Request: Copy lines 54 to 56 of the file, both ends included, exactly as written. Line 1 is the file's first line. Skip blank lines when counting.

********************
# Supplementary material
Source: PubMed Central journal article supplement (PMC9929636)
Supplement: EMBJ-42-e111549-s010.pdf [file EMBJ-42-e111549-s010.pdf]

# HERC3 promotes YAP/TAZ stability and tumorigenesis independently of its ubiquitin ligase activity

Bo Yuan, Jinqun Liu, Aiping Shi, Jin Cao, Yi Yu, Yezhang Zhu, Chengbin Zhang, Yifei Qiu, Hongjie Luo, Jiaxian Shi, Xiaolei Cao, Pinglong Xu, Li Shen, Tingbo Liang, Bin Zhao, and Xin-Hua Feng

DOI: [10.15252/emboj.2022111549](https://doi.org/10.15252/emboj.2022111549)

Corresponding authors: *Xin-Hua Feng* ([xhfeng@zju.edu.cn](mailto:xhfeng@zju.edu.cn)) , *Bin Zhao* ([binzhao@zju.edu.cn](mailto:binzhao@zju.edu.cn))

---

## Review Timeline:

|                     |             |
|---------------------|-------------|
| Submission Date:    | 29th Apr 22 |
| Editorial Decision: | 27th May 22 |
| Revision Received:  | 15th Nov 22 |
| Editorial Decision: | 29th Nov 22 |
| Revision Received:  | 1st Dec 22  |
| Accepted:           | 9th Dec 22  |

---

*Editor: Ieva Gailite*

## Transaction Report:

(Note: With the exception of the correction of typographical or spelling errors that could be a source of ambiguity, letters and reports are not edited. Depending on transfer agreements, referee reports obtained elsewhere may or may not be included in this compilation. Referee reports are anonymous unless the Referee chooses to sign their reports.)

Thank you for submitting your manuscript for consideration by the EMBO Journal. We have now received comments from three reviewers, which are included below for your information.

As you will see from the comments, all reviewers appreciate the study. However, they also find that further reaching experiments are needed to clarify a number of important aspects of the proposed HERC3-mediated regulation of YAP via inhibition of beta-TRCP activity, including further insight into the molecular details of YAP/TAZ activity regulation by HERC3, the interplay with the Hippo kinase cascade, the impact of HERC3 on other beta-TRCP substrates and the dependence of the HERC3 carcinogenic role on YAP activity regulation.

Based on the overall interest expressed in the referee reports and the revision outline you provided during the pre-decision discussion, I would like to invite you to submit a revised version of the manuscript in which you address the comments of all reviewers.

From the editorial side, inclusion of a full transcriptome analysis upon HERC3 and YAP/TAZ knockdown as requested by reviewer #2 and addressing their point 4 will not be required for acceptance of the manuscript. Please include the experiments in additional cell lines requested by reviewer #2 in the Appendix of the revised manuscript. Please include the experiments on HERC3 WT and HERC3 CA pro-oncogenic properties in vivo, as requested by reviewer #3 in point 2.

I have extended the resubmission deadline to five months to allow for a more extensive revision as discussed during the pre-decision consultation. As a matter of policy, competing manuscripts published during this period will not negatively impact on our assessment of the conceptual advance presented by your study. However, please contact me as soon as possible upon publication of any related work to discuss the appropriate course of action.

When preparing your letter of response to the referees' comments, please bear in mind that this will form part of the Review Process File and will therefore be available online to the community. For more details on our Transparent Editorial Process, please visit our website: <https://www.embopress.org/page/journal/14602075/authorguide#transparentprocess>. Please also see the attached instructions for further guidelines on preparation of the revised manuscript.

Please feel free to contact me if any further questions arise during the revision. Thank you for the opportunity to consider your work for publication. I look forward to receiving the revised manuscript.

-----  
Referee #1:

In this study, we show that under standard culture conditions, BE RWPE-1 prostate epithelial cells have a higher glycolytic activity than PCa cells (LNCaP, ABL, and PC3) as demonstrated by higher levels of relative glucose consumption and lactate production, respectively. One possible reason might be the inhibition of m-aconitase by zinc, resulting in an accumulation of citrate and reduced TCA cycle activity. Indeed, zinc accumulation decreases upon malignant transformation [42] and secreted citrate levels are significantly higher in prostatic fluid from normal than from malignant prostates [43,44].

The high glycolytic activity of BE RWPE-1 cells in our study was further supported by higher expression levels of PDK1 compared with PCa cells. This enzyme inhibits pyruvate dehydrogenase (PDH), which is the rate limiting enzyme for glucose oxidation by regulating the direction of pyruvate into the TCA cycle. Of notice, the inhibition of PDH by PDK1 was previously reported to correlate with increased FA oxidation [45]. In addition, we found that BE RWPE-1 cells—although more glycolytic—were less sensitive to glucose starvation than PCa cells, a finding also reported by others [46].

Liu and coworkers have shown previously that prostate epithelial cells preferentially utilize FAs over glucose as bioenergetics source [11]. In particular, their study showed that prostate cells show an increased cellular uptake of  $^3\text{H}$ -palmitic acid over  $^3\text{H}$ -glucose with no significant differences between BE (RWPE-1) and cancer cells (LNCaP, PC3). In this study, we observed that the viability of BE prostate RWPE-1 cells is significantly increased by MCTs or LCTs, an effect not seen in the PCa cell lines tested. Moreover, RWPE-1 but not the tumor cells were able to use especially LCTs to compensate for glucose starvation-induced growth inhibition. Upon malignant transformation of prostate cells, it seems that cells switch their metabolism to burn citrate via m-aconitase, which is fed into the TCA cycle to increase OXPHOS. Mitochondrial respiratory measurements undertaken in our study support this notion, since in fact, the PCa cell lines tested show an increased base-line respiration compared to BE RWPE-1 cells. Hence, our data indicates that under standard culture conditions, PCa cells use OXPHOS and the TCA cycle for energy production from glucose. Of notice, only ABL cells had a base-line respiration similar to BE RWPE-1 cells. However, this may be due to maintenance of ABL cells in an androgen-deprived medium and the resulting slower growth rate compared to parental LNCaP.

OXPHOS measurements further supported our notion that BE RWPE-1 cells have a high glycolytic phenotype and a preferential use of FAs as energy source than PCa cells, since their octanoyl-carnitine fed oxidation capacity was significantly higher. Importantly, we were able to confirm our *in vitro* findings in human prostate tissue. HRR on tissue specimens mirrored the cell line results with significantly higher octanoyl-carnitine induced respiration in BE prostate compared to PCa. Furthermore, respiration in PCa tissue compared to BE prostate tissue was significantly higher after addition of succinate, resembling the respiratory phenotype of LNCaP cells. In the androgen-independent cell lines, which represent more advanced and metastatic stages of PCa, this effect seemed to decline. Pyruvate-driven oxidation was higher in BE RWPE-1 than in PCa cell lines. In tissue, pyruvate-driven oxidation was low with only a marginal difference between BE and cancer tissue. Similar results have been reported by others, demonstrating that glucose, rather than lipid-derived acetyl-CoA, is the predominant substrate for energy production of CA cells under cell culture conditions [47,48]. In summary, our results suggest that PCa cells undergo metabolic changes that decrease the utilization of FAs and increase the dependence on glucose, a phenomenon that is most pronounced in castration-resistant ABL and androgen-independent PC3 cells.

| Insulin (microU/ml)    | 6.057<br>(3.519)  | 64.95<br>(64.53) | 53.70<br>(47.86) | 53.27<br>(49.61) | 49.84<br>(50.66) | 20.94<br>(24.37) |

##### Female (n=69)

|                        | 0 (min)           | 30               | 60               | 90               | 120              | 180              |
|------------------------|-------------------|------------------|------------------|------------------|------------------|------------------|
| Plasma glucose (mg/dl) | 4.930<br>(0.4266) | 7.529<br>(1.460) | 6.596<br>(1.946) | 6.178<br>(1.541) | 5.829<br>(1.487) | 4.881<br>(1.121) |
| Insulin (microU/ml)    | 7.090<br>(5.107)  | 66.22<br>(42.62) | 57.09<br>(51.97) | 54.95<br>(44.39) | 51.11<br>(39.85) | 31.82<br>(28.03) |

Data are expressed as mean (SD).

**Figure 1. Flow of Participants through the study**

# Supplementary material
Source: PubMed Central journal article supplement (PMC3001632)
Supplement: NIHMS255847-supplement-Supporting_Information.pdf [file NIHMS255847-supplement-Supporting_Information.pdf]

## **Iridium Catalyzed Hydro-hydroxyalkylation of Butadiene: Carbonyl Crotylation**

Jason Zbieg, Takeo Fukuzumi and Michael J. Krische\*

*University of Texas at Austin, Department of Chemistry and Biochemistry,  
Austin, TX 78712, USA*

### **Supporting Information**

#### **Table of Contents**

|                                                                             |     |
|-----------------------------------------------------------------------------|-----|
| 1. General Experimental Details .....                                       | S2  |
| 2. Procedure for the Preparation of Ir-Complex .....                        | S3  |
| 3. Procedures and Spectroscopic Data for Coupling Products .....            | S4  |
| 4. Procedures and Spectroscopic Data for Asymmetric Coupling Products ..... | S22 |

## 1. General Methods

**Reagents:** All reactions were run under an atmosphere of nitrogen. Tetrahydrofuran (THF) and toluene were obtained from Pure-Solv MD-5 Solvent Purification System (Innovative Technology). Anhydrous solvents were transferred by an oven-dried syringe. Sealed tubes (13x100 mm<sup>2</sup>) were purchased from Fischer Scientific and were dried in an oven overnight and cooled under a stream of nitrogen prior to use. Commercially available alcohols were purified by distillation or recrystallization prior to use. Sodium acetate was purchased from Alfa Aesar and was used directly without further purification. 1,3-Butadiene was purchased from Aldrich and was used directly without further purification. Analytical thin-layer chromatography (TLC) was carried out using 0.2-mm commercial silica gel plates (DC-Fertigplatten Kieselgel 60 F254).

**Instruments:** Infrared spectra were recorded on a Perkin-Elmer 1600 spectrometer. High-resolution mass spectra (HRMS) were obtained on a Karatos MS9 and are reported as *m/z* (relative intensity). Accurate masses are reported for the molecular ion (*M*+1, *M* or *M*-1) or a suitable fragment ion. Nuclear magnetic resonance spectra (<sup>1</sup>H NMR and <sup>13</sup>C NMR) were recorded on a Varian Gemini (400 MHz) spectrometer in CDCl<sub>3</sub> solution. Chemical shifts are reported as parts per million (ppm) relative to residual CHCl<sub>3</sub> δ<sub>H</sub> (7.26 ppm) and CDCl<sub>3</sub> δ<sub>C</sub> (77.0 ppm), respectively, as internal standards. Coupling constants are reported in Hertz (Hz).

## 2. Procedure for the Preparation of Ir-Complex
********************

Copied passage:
| 1. General Experimental Details .....                                       | S2  |
| 2. Procedure for the Preparation of Ir-Complex .....                        | S3  |
| 3. Procedures and Spectroscopic Data for Coupling Products .....            | S4  |